The eldest of the two bandits entered the kitchen, and at gunpoint, pushed Ida, the cook, into the office as well. They made all four hostages lie on the floor face down as the bandits searched for their bounty.
Down The Line
Captain Fred Rubio, in charge of the case, told media, “they were concentrated in one area and shot in one area.” After all seven were compliant and subdued on the floor, the gunmen began shooting each person “execution-style” in the back of the head.
They shot everyone in the head, and out of the seven, only two would survive. Hearing the 911 call placed by 12-year-old Melissia Repass is even more heartbreaking knowing that as she was on the phone, a single bullet was lodged inside her skull.
“Please hurry … it hurts … I’m the only one conscious … I’m holding my mommy,” she says.
Steven Teran was killed instantly, along with his two daughters Valerie and Paula. 34-year-old Stephanie Senac died years later from complications of the injuries she sustained in the shooting. Like the remaining few survivors, she lived her life in fear that the killers would come back to eliminate her.
Valerie Teran, the youngest victim, and believed to be the last to be executed, was shot at point-blank range in her forehead. The shooter would most likely have had to pick up the baby to place the barrel close to her head.
Audrey Teran, Steve Teran’s widowed wife, who was not at the scene because of her cosmetology school commitments, told media,
“They’ve got to be maniacs to do this. What can a 2-year-old do? Why my little girls, my babies?”
The grieving widow would later say about Steven:
“I believe Steven is sending me strength. I believe he and my daughters, my girls, they’re all in heaven. God has a mission for them. Steve took the girls with him because he didn’t want to leave them to suffer.”
Audrey Teran not only lost her loving husband but her two children on the morning of February 10, 1990. The once-joyful mother lost her entire family in the blink of an eye.
“It kills me I couldn’t have been there.” - Audrey Teran.
More Questions Than Answers
The Las Cruces Bowling Alley Massacre was one of the deadliest mass murders in New Mexico history. And tragically, the case still remains unsolved, with no promising developments or leads. The total sum of money stolen from the alley during the shooting by the bandits was a measly $5,000.
Why would these men kill innocent children?
Dona Anna County Sheriff, Cooney Sarracino, told media, “you don’t see many execution-style murders. I’ve seen where three or four people were killed, but NOT little kids.”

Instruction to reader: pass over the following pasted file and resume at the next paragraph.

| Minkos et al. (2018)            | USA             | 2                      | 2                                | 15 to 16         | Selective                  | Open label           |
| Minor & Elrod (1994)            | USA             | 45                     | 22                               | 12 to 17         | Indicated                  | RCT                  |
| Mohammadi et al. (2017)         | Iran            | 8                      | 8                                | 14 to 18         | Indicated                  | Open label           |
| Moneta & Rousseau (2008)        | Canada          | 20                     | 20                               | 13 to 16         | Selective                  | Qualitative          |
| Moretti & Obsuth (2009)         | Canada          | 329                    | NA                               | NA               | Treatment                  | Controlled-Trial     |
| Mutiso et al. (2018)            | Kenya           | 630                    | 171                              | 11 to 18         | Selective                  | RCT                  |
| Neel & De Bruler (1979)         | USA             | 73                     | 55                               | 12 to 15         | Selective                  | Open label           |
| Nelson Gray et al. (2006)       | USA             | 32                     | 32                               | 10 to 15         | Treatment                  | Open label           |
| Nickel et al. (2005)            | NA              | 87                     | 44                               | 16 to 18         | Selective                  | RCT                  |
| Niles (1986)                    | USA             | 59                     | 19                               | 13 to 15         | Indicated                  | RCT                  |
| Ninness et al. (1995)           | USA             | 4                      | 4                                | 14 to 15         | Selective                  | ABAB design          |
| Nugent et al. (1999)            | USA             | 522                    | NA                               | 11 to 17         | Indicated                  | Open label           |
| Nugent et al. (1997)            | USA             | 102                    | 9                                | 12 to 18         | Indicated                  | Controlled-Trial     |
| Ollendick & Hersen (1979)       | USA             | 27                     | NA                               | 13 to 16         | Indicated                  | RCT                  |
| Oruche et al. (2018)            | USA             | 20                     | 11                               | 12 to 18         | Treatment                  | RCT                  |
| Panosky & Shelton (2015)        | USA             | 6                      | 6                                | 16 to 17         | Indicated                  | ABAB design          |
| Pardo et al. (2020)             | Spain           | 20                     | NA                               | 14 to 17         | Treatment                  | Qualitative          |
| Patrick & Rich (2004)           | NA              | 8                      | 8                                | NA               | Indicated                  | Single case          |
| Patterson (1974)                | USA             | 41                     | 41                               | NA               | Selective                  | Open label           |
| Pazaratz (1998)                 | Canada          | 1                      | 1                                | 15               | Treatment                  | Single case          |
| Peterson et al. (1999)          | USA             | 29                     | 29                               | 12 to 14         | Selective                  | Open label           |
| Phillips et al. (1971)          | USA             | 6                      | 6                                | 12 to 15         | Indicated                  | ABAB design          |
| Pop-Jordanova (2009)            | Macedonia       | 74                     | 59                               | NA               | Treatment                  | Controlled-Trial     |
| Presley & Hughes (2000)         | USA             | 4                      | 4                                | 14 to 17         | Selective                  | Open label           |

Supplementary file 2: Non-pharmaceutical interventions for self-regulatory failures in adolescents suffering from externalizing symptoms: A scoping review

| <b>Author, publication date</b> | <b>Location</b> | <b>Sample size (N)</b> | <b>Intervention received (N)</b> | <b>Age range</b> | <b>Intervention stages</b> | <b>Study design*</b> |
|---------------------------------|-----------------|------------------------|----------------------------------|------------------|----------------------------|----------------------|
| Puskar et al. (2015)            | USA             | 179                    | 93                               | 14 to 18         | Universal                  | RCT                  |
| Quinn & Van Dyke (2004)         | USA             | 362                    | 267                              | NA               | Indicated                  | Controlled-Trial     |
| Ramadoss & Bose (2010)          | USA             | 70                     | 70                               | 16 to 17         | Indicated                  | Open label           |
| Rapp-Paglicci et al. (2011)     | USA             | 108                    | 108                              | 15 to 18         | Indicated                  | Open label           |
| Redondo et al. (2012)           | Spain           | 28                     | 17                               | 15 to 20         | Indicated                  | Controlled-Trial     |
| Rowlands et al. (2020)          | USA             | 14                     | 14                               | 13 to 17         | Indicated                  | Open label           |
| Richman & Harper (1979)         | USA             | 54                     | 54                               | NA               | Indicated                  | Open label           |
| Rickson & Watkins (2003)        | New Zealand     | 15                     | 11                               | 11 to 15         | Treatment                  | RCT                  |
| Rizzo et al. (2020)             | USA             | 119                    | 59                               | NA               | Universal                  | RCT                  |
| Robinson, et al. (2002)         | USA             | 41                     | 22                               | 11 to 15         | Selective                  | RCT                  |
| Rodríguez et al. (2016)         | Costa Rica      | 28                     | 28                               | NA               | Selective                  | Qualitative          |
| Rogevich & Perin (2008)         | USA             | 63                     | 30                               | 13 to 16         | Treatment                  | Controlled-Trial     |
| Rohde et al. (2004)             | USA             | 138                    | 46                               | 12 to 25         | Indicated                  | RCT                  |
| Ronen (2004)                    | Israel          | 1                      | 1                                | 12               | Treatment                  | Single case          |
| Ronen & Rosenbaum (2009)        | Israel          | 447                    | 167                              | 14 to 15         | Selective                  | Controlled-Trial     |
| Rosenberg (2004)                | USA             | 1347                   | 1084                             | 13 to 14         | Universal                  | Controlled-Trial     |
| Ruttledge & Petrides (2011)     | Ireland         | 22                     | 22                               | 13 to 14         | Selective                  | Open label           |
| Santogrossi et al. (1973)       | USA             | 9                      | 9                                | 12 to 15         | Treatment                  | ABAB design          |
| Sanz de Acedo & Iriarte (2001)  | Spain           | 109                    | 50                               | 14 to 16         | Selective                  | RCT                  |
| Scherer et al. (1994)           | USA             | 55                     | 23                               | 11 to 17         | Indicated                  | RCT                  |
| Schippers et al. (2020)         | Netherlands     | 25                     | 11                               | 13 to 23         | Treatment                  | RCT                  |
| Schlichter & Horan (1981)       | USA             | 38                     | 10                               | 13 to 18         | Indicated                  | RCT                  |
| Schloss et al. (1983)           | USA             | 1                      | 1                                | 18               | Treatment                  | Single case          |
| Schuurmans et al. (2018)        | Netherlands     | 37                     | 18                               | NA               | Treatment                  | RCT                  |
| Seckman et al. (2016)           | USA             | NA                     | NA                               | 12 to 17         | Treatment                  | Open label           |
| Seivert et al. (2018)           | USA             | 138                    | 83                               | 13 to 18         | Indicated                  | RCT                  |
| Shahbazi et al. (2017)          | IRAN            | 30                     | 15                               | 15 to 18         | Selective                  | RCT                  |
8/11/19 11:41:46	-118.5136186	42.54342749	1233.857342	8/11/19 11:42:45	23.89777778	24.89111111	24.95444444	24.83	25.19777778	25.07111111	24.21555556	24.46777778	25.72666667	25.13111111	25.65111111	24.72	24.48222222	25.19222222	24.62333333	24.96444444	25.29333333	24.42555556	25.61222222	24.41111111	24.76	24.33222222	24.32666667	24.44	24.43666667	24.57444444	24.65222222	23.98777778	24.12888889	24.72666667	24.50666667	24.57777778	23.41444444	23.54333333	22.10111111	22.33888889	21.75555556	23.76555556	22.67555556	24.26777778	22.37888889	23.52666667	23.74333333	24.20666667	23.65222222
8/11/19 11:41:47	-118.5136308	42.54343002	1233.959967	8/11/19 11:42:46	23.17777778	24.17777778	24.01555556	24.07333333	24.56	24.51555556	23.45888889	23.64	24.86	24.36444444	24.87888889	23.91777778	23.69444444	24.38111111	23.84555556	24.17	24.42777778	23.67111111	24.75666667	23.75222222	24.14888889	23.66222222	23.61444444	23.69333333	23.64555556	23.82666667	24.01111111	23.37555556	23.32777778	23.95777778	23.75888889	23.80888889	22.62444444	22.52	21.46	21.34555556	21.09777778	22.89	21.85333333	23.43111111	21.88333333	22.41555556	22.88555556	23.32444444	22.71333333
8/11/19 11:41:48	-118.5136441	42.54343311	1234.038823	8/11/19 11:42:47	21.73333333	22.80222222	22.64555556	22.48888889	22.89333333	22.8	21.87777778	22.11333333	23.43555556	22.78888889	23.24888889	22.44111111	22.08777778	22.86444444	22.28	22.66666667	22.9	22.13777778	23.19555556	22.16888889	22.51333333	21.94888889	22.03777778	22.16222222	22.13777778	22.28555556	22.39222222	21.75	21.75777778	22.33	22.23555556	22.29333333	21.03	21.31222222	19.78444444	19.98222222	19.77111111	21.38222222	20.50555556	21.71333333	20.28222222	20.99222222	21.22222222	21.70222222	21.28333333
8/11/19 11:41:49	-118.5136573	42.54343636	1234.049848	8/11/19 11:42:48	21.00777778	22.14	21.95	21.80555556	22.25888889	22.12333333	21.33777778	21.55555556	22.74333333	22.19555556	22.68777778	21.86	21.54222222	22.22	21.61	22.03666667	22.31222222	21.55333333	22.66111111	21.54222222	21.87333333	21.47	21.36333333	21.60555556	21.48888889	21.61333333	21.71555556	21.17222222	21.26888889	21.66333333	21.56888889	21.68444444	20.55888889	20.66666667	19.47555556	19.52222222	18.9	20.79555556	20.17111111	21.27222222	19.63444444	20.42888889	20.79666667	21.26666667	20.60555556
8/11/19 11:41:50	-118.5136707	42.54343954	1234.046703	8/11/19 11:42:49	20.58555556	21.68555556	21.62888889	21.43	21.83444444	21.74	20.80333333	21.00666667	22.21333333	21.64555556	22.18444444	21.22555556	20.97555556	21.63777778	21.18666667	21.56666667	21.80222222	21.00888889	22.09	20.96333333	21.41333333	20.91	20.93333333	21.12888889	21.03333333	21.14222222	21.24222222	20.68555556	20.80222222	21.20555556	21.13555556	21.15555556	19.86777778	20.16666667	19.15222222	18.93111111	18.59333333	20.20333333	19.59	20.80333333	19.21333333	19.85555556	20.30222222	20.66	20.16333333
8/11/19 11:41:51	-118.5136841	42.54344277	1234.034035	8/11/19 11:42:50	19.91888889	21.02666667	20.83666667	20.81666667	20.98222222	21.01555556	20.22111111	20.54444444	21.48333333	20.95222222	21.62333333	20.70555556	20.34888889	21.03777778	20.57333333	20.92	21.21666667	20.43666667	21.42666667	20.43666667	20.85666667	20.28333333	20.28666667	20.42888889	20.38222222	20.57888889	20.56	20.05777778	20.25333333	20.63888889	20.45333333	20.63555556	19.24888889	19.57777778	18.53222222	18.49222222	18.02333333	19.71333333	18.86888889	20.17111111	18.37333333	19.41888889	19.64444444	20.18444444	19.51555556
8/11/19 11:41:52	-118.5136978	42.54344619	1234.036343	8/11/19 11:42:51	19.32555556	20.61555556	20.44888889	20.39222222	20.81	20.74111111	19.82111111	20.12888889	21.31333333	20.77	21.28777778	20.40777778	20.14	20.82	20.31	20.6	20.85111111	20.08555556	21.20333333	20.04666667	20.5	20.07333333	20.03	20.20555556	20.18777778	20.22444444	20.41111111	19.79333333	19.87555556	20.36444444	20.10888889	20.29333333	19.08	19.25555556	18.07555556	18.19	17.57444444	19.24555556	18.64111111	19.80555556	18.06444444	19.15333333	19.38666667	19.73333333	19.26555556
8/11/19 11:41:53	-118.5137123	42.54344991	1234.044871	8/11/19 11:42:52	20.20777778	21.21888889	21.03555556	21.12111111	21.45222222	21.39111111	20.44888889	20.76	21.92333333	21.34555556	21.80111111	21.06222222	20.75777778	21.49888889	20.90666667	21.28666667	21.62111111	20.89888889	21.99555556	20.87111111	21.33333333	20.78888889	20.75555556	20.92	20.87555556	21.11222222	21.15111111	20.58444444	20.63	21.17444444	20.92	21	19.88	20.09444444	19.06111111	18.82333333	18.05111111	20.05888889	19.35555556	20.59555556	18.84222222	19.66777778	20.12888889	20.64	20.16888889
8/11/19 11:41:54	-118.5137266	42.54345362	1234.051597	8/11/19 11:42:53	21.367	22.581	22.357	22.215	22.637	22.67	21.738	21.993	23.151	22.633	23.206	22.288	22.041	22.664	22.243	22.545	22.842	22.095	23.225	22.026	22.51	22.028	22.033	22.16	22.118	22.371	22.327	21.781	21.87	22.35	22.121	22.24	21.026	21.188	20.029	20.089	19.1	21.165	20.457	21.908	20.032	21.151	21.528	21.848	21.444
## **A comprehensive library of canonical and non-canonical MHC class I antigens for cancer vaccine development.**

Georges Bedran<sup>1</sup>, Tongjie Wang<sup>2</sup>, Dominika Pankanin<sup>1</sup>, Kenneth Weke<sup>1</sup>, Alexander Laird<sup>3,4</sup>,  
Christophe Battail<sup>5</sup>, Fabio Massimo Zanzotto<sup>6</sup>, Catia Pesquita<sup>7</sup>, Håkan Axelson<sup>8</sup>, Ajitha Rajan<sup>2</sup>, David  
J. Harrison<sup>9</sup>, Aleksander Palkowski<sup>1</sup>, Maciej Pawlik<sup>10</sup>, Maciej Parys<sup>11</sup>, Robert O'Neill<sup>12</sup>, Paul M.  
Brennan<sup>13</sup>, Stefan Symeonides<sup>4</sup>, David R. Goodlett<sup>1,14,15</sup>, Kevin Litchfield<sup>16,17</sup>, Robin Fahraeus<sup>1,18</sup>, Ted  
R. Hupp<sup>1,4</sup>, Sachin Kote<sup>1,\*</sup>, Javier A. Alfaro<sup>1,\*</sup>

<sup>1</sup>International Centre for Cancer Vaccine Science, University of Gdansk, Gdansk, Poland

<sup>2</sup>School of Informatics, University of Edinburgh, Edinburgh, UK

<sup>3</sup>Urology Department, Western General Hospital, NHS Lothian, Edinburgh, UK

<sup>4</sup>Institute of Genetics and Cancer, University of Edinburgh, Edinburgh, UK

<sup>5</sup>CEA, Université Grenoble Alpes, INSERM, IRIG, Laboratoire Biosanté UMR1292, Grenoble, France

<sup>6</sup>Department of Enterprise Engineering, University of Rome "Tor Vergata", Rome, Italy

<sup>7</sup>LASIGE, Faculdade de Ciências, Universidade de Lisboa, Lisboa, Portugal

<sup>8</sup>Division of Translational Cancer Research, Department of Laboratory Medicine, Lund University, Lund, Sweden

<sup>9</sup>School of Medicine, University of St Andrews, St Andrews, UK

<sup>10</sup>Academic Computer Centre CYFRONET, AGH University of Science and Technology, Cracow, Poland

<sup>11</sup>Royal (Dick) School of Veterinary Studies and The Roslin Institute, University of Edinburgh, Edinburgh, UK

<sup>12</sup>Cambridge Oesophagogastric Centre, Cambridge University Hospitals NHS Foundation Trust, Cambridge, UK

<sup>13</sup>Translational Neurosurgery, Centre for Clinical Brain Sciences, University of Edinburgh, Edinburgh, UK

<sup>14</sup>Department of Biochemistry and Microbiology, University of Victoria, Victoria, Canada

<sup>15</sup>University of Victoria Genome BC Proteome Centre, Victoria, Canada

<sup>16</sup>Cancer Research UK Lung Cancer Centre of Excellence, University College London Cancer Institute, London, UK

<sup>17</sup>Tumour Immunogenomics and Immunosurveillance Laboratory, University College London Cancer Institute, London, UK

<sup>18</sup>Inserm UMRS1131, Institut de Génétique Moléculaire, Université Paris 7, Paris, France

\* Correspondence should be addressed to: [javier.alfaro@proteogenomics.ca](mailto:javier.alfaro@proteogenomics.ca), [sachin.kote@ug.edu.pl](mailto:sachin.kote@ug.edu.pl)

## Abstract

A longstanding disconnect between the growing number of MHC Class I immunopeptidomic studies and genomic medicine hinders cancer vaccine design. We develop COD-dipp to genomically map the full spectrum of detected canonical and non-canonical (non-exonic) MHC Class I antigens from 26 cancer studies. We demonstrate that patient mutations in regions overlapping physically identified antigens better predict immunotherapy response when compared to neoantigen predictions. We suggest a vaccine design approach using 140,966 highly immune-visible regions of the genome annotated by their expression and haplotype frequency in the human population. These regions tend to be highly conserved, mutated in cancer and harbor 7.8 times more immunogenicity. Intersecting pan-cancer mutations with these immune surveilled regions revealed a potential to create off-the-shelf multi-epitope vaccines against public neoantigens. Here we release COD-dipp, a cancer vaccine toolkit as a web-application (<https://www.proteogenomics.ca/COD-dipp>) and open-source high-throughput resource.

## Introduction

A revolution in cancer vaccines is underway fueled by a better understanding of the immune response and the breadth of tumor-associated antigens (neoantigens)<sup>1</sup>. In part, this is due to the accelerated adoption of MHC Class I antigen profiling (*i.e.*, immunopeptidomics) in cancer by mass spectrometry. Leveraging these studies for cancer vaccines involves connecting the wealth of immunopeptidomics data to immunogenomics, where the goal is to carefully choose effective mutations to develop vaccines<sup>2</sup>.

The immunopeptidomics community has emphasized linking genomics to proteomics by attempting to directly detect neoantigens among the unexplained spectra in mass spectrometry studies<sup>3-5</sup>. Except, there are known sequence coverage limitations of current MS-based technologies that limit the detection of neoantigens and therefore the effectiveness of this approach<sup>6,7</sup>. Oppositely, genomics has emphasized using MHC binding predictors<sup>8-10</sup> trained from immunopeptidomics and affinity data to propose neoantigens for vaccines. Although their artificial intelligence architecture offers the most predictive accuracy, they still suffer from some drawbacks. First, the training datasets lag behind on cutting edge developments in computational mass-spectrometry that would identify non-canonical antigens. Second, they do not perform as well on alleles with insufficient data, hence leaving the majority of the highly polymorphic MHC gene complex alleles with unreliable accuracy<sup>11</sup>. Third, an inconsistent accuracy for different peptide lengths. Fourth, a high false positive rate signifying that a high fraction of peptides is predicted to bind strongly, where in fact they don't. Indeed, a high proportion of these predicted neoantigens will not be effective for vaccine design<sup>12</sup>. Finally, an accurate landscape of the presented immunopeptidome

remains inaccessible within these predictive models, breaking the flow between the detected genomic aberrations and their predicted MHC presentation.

Was this a random act of violence?
Captain Fred Rubio said that the bandits “were not complete strangers to the area. They didn’t just drive by and say, ‘Oh, this looks like a good place to rob.’ There were other places open.”
County Sheriff Sarracino states that even before the bowling alley massacre, he had, “seen an increase in homicides.” Also, several weeks before the shooting, there was another execution-style shooting at a gas station located close to the bowling alley.
How did the criminals know that there would be money in the safe in the morning?
Most businesses take care of accounting at the end of the day, so not to leave money over night. It’s almost like the two men knew that there would be money in the safe that morning. But, if they knew that money was left overnight, why didn’t they break in during the night? Why risk being out in the daylight with witnesses?
An Inside Job
Las Cruces Bowling Alley owner Ron Senac — who proved to be uncooperative with police — was golfing in Tucson when the massacre happened.
Does Ron Senac know more than he is telling police?
Law enforcement claim Senac has acted “very distant, had a really blank face, and never gave more than police asked of him.”
Senac had serious money problems and his family claimed that he spent “foolishly”, enough to at least build up an enormous debt over the business. Ron was even living in the bowling alley, a sure sign that his finances weren’t in the best state.
Many believe Ron, or possibly his youngest son RJ, was running a drug operation between the lanes.
RJ died in 1997 of a drug overdose.
Were the Senacs, either Ron or RJ, involved? Sadly, we still don’t know the answer.
This tragic case remains unsolved to this day.